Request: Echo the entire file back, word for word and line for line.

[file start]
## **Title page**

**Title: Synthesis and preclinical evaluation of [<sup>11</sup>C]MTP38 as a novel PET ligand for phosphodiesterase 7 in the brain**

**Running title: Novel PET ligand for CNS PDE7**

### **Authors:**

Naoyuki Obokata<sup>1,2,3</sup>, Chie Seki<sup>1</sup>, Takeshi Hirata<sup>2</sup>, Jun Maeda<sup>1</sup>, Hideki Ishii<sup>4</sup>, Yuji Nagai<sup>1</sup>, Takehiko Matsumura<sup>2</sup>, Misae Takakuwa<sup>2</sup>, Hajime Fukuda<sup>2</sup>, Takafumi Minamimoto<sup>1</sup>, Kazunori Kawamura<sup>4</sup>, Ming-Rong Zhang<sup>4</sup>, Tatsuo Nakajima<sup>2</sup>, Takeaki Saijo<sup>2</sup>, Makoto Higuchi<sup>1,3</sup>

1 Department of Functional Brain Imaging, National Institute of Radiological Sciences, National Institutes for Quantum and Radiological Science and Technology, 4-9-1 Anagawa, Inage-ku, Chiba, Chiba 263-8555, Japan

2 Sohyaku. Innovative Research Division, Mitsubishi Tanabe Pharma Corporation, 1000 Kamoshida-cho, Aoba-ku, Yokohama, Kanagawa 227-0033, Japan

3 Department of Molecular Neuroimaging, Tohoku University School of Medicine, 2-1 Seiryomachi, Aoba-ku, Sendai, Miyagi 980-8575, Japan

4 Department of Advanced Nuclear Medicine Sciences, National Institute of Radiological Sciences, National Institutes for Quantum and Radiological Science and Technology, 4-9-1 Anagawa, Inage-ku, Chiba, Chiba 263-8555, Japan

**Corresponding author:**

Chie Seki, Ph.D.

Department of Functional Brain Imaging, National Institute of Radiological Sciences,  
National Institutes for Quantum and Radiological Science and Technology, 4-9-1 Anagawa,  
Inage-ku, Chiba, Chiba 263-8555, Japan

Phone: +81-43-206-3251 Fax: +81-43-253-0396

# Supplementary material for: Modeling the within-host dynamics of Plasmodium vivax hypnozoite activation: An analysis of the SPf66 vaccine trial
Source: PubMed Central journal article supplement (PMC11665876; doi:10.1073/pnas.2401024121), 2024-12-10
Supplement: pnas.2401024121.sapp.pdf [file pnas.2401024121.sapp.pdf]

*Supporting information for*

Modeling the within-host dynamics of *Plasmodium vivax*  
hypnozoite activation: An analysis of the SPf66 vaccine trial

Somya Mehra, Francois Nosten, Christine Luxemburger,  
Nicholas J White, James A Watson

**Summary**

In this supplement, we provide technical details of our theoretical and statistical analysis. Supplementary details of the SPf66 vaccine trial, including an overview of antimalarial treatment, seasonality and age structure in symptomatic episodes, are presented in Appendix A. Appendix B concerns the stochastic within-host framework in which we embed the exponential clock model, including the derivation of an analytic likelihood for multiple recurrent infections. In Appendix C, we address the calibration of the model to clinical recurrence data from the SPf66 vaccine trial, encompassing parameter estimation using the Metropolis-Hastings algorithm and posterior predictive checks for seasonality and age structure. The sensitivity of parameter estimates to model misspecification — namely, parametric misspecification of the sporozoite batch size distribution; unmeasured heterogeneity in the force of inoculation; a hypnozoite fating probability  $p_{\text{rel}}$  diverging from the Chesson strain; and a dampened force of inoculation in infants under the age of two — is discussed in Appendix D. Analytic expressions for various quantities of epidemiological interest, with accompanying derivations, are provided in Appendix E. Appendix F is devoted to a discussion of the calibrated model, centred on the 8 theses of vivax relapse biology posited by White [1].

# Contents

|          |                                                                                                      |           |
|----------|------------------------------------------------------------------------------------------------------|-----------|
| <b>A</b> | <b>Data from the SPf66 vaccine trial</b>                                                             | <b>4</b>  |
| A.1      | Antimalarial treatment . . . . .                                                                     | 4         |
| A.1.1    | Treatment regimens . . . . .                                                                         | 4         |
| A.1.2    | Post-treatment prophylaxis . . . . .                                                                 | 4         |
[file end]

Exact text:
## **Title page**

**Title: Synthesis and preclinical evaluation of [<sup>11</sup>C]MTP38 as a novel PET ligand for phosphodiesterase 7 in the brain**

**Running title: Novel PET ligand for CNS PDE7**

### **Authors:**

Naoyuki Obokata<sup>1,2,3</sup>, Chie Seki<sup>1</sup>, Takeshi Hirata<sup>2</sup>, Jun Maeda<sup>1</sup>, Hideki Ishii<sup>4</sup>, Yuji Nagai<sup>1</sup>, Takehiko Matsumura<sup>2</sup>, Misae Takakuwa<sup>2</sup>, Hajime Fukuda<sup>2</sup>, Takafumi Minamimoto<sup>1</sup>, Kazunori Kawamura<sup>4</sup>, Ming-Rong Zhang<sup>4</sup>, Tatsuo Nakajima<sup>2</sup>, Takeaki Saijo<sup>2</sup>, Makoto Higuchi<sup>1,3</sup>

1 Department of Functional Brain Imaging, National Institute of Radiological Sciences, National Institutes for Quantum and Radiological Science and Technology, 4-9-1 Anagawa, Inage-ku, Chiba, Chiba 263-8555, Japan

2 Sohyaku. Innovative Research Division, Mitsubishi Tanabe Pharma Corporation, 1000 Kamoshida-cho, Aoba-ku, Yokohama, Kanagawa 227-0033, Japan

3 Department of Molecular Neuroimaging, Tohoku University School of Medicine, 2-1 Seiryomachi, Aoba-ku, Sendai, Miyagi 980-8575, Japan

4 Department of Advanced Nuclear Medicine Sciences, National Institute of Radiological Sciences, National Institutes for Quantum and Radiological Science and Technology, 4-9-1 Anagawa, Inage-ku, Chiba, Chiba 263-8555, Japan

**Corresponding author:**

Chie Seki, Ph.D.

Department of Functional Brain Imaging, National Institute of Radiological Sciences,  
National Institutes for Quantum and Radiological Science and Technology, 4-9-1 Anagawa,  
Inage-ku, Chiba, Chiba 263-8555, Japan

Phone: +81-43-206-3251 Fax: +81-43-253-0396

# Supplementary material for: Modeling the within-host dynamics of Plasmodium vivax hypnozoite activation: An analysis of the SPf66 vaccine trial
Source: PubMed Central journal article supplement (PMC11665876; doi:10.1073/pnas.2401024121), 2024-12-10
Supplement: pnas.2401024121.sapp.pdf [file pnas.2401024121.sapp.pdf]

*Supporting information for*

Modeling the within-host dynamics of *Plasmodium vivax*  
hypnozoite activation: An analysis of the SPf66 vaccine trial

Somya Mehra, Francois Nosten, Christine Luxemburger,  
Nicholas J White, James A Watson

**Summary**

In this supplement, we provide technical details of our theoretical and statistical analysis. Supplementary details of the SPf66 vaccine trial, including an overview of antimalarial treatment, seasonality and age structure in symptomatic episodes, are presented in Appendix A. Appendix B concerns the stochastic within-host framework in which we embed the exponential clock model, including the derivation of an analytic likelihood for multiple recurrent infections. In Appendix C, we address the calibration of the model to clinical recurrence data from the SPf66 vaccine trial, encompassing parameter estimation using the Metropolis-Hastings algorithm and posterior predictive checks for seasonality and age structure. The sensitivity of parameter estimates to model misspecification — namely, parametric misspecification of the sporozoite batch size distribution; unmeasured heterogeneity in the force of inoculation; a hypnozoite fating probability  $p_{\text{rel}}$  diverging from the Chesson strain; and a dampened force of inoculation in infants under the age of two — is discussed in Appendix D. Analytic expressions for various quantities of epidemiological interest, with accompanying derivations, are provided in Appendix E. Appendix F is devoted to a discussion of the calibrated model, centred on the 8 theses of vivax relapse biology posited by White [1].

# Contents

|          |                                                                                                      |           |
|----------|------------------------------------------------------------------------------------------------------|-----------|
| <b>A</b> | <b>Data from the SPf66 vaccine trial</b>                                                             | <b>4</b>  |
| A.1      | Antimalarial treatment . . . . .                                                                     | 4         |
| A.1.1    | Treatment regimens . . . . .                                                                         | 4         |
| A.1.2    | Post-treatment prophylaxis . . . . .                                                                 | 4         |